Nuclear Non-Proliferation Treaty is Unsustainable

Atlas Missile
Atlas Missile

With the fall of the Soviet Union in 1991, the threat of nuclear war diminished, nuclear-armed states led a drive to prevent the spread of nuclear weapons. The United States was and continues to be one of the major proponents of nuclear non-proliferation. While the oft-publicized reason for nuclear non-proliferation is to prevent the possibility of an irresponsible state or non-state actor from launching a nuclear attack, the more serious concern behind state-sponsored nuclear non-proliferation policies is to prevent additional states from acquiring the foreign policy leverage gained when states acquire the ultimate weapon.

This important distinction points to the predicament of nuclear non-proliferation. When some countries are nuclear-armed and others are not, it represents a significant security inequality between nuclear- and non-nuclear-armed states. This inequality ensures that states powerful enough to acquire nuclear weapons will always do so unless they have a firm ally that provides them with a nuclear umbrella; this is best demonstrated by the protection provided by the United States to Japan, South Korea and Saudi Arabia.

Thus, governments that are not protected by a nuclear umbrella will seek to acquire nuclear arms in order to ensure the security of their state and to increase their influence when dealing with rival states. This political phenomenon can explain the motivations of today’s current nuclear-armed states in addition to the states that are attempting or have attempted to develop such arms. The only real exception to this rule was the United States, which developed nuclear arms mainly to increase Washington’s global clout, but also to protect its homeland.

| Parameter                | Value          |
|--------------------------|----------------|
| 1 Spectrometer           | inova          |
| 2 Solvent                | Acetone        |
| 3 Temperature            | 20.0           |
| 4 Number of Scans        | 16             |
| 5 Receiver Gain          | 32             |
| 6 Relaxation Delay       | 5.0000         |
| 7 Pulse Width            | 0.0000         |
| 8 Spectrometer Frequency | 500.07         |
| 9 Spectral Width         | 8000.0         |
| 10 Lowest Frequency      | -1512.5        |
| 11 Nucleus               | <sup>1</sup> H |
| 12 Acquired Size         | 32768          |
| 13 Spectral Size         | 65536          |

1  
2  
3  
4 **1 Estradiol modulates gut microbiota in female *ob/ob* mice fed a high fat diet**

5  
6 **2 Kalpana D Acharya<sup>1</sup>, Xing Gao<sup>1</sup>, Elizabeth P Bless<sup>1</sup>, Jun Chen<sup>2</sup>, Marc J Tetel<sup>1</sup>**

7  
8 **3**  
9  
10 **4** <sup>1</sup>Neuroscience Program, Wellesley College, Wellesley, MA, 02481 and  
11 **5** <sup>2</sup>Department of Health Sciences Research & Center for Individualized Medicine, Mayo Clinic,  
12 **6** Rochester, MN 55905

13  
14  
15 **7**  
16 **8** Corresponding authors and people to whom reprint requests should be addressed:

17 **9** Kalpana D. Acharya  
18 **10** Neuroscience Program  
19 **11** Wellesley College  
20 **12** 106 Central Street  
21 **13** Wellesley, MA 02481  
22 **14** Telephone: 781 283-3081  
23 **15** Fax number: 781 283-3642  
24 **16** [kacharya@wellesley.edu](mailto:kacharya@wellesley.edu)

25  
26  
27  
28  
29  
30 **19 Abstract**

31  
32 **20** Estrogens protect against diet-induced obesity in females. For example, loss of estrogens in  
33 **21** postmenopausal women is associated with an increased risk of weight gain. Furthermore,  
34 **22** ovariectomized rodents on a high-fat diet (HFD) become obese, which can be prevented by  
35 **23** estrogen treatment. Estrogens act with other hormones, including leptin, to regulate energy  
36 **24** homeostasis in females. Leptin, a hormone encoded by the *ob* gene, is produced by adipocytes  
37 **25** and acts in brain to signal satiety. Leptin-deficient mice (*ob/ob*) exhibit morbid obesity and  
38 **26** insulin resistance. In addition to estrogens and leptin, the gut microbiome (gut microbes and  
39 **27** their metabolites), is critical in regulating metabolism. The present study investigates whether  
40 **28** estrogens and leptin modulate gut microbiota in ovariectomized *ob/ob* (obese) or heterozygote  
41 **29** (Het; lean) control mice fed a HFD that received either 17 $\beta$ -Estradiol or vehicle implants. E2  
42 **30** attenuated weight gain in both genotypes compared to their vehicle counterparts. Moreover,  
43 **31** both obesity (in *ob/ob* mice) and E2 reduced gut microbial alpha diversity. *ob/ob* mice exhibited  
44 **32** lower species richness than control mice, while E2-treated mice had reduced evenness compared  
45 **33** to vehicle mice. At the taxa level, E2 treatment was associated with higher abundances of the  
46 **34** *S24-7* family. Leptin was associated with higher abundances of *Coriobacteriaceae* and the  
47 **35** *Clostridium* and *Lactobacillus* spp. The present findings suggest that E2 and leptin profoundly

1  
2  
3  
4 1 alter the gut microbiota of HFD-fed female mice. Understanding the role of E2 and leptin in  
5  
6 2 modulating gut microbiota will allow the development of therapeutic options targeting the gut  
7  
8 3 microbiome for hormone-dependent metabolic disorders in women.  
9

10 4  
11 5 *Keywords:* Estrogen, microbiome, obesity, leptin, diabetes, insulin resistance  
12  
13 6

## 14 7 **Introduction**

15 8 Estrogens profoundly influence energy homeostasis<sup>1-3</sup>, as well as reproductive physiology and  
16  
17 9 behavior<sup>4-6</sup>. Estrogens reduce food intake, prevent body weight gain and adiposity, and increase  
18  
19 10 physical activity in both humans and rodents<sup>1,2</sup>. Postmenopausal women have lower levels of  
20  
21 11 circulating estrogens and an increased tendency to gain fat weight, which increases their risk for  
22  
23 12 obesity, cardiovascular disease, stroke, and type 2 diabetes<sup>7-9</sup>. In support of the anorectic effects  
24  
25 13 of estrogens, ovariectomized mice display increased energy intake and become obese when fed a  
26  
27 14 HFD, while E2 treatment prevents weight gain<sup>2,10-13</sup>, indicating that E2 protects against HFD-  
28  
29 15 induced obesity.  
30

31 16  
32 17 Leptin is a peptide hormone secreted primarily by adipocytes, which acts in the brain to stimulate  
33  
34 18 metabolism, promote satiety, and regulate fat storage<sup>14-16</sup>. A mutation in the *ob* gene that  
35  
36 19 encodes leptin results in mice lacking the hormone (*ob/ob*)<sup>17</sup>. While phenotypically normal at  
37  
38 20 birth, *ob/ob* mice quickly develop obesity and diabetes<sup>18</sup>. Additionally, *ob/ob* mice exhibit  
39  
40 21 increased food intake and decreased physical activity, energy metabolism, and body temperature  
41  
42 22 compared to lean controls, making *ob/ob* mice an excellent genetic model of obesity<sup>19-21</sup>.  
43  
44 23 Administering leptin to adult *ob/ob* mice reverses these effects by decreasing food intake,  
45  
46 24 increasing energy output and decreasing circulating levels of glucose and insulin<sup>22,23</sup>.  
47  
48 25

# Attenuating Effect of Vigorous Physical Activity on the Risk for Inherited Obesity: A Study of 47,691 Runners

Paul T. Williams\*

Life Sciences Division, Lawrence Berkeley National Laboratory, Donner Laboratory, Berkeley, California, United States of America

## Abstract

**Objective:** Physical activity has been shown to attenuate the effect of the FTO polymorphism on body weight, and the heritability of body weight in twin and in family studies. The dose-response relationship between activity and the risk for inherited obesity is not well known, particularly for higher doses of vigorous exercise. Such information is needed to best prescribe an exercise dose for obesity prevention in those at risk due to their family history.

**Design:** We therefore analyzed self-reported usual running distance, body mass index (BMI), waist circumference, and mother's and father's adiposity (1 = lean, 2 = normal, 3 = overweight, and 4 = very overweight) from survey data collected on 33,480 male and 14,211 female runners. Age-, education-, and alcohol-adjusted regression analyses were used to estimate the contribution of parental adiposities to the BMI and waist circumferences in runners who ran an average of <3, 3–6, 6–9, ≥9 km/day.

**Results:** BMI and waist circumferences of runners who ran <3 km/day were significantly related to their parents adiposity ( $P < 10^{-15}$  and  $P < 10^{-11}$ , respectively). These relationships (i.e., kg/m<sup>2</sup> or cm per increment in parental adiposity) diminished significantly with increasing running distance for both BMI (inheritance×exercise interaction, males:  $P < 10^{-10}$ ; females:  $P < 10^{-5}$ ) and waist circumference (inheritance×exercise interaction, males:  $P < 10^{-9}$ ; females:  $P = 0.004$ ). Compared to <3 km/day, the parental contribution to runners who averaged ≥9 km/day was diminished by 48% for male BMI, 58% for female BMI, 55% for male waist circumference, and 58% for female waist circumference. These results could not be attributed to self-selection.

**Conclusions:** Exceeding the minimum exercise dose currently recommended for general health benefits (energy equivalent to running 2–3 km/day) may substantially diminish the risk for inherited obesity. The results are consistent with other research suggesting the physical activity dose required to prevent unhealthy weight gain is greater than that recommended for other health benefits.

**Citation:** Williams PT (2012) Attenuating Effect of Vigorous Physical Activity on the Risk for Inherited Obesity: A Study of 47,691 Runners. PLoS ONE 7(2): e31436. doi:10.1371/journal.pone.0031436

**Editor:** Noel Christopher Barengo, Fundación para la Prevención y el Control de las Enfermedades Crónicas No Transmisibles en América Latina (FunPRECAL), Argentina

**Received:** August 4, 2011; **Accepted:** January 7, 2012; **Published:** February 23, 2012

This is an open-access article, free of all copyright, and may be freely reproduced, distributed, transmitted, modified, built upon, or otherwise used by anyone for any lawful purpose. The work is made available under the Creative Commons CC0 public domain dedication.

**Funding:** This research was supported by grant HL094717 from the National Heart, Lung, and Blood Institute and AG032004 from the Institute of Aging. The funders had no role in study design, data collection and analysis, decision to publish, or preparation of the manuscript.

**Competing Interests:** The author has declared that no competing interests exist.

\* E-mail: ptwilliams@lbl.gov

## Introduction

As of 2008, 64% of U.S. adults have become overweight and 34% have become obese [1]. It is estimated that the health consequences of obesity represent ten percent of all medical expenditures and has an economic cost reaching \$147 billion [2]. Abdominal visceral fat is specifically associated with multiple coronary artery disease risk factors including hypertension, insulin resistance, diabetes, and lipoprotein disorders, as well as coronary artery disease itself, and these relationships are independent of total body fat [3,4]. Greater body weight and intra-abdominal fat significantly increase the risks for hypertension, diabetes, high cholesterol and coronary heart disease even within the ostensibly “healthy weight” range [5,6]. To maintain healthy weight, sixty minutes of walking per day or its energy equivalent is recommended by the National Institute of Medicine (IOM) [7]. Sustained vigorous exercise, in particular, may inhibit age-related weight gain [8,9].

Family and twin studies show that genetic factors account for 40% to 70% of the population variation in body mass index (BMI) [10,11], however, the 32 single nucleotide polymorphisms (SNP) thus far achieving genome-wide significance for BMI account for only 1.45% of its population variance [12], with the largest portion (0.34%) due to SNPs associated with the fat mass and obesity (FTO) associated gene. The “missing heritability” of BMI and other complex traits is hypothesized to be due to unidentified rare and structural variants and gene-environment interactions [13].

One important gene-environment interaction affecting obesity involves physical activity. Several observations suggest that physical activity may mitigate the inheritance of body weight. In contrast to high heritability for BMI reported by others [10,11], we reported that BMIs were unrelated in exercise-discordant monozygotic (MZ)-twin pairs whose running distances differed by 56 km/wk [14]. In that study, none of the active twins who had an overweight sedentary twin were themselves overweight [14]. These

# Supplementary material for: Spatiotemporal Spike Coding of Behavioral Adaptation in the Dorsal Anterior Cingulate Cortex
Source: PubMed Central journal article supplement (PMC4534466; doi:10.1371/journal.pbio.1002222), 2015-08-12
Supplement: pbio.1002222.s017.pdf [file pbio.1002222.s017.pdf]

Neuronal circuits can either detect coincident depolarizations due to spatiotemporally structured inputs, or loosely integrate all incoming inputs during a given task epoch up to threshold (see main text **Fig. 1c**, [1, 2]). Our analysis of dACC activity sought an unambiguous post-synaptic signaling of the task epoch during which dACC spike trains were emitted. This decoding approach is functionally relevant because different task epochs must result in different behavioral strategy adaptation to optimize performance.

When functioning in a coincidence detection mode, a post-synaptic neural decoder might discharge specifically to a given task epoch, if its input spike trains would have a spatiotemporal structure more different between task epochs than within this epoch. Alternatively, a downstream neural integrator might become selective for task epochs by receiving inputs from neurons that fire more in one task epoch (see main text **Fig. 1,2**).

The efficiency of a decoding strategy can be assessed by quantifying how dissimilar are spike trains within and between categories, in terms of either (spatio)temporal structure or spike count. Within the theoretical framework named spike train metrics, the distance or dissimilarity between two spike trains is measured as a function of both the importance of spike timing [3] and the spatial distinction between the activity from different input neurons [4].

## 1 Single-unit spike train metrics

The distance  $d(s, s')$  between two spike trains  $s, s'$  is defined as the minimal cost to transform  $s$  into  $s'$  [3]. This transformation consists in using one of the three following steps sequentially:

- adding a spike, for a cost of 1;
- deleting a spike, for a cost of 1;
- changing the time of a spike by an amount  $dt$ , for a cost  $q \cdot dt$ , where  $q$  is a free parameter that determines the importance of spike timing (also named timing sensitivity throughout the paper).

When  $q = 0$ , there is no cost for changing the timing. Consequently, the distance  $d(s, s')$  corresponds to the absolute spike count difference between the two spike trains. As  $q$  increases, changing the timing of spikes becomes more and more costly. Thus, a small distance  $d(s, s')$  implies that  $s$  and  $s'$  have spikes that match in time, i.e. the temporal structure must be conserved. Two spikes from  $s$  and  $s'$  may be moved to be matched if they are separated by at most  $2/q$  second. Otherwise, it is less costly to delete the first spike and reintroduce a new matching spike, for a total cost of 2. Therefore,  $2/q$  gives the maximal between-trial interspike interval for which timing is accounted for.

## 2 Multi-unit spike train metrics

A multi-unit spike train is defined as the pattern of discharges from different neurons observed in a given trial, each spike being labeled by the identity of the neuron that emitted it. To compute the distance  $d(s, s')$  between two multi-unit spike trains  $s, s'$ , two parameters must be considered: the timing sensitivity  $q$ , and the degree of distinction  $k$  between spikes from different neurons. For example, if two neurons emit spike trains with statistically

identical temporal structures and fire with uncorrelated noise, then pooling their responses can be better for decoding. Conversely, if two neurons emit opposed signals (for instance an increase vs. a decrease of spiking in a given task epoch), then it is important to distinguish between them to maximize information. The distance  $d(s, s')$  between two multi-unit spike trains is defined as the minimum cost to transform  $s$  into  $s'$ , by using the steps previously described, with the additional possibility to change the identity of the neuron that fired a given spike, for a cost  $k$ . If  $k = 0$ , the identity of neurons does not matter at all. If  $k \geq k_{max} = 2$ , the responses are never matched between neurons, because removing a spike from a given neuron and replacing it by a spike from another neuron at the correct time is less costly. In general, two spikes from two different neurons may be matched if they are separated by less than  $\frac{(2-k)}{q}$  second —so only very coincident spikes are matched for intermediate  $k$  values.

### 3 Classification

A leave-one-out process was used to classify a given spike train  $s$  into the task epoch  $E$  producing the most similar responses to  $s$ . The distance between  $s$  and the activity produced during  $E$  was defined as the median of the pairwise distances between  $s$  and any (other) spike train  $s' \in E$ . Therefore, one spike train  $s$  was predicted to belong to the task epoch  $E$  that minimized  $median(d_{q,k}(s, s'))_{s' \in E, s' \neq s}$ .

During the extensive and massive conflict of World War II, Washington sought to develop a weapon that would be so magnificent that it could end wars instantly. Deployed on the Japanese cities of Hiroshima and Nagasaki, the weapon proved to be even more powerful than initially predicted; Washington’s goals were quickly realized as Tokyo agreed to unconditional surrender, fearing what may lie in store if they did otherwise.

While the usage of nuclear weapons in World War II achieved Washington’s goals, it also caused the beginning of nuclear proliferation. Nuclear proliferation occurred because other states feared the far-reaching global power that the United States had acquired due to its nuclear arsenal. Washington’s main antagonist in the period following World War II, the Soviet Union, recognized that Washington posed a threat to its interests and quickly tested its own nuclear weapon in 1949.

For the next 40 years, these two superpowers constantly attempted to surpass each other’s power potential in order to keep their interests secured and to prevent their national security from being endangered. This constant strategic game between the two superpowers explains the nuclear arms race that escalated in the 1960s and continued until the fall of the Soviet Union in 1991. The two other nuclear-armed states in Europe also participated in this perilous game; in order to protect against the Soviet Union’s encroachment in Eastern Europe, both Great Britain and France developed and tested nuclear weapons in 1952 and 1960, respectively.

Outside of Europe, in Asia, China faced the same conditions that cause states to acquire nuclear arms. In the 1950s, China was threatened by a U.S. nuclear attack three times. During the Korean War, the United States threatened to decimate China with a nuclear assault; China was also threatened by the United States two other times due to disputes over Chinese islands being used by the Taiwanese military to launch attacks against the mainland. In 1964, after China successfully tested its first nuclear bomb, Taiwan quickly lost its drive to retake the mainland and U.S. President Richard Nixon visited Beijing to normalize relations.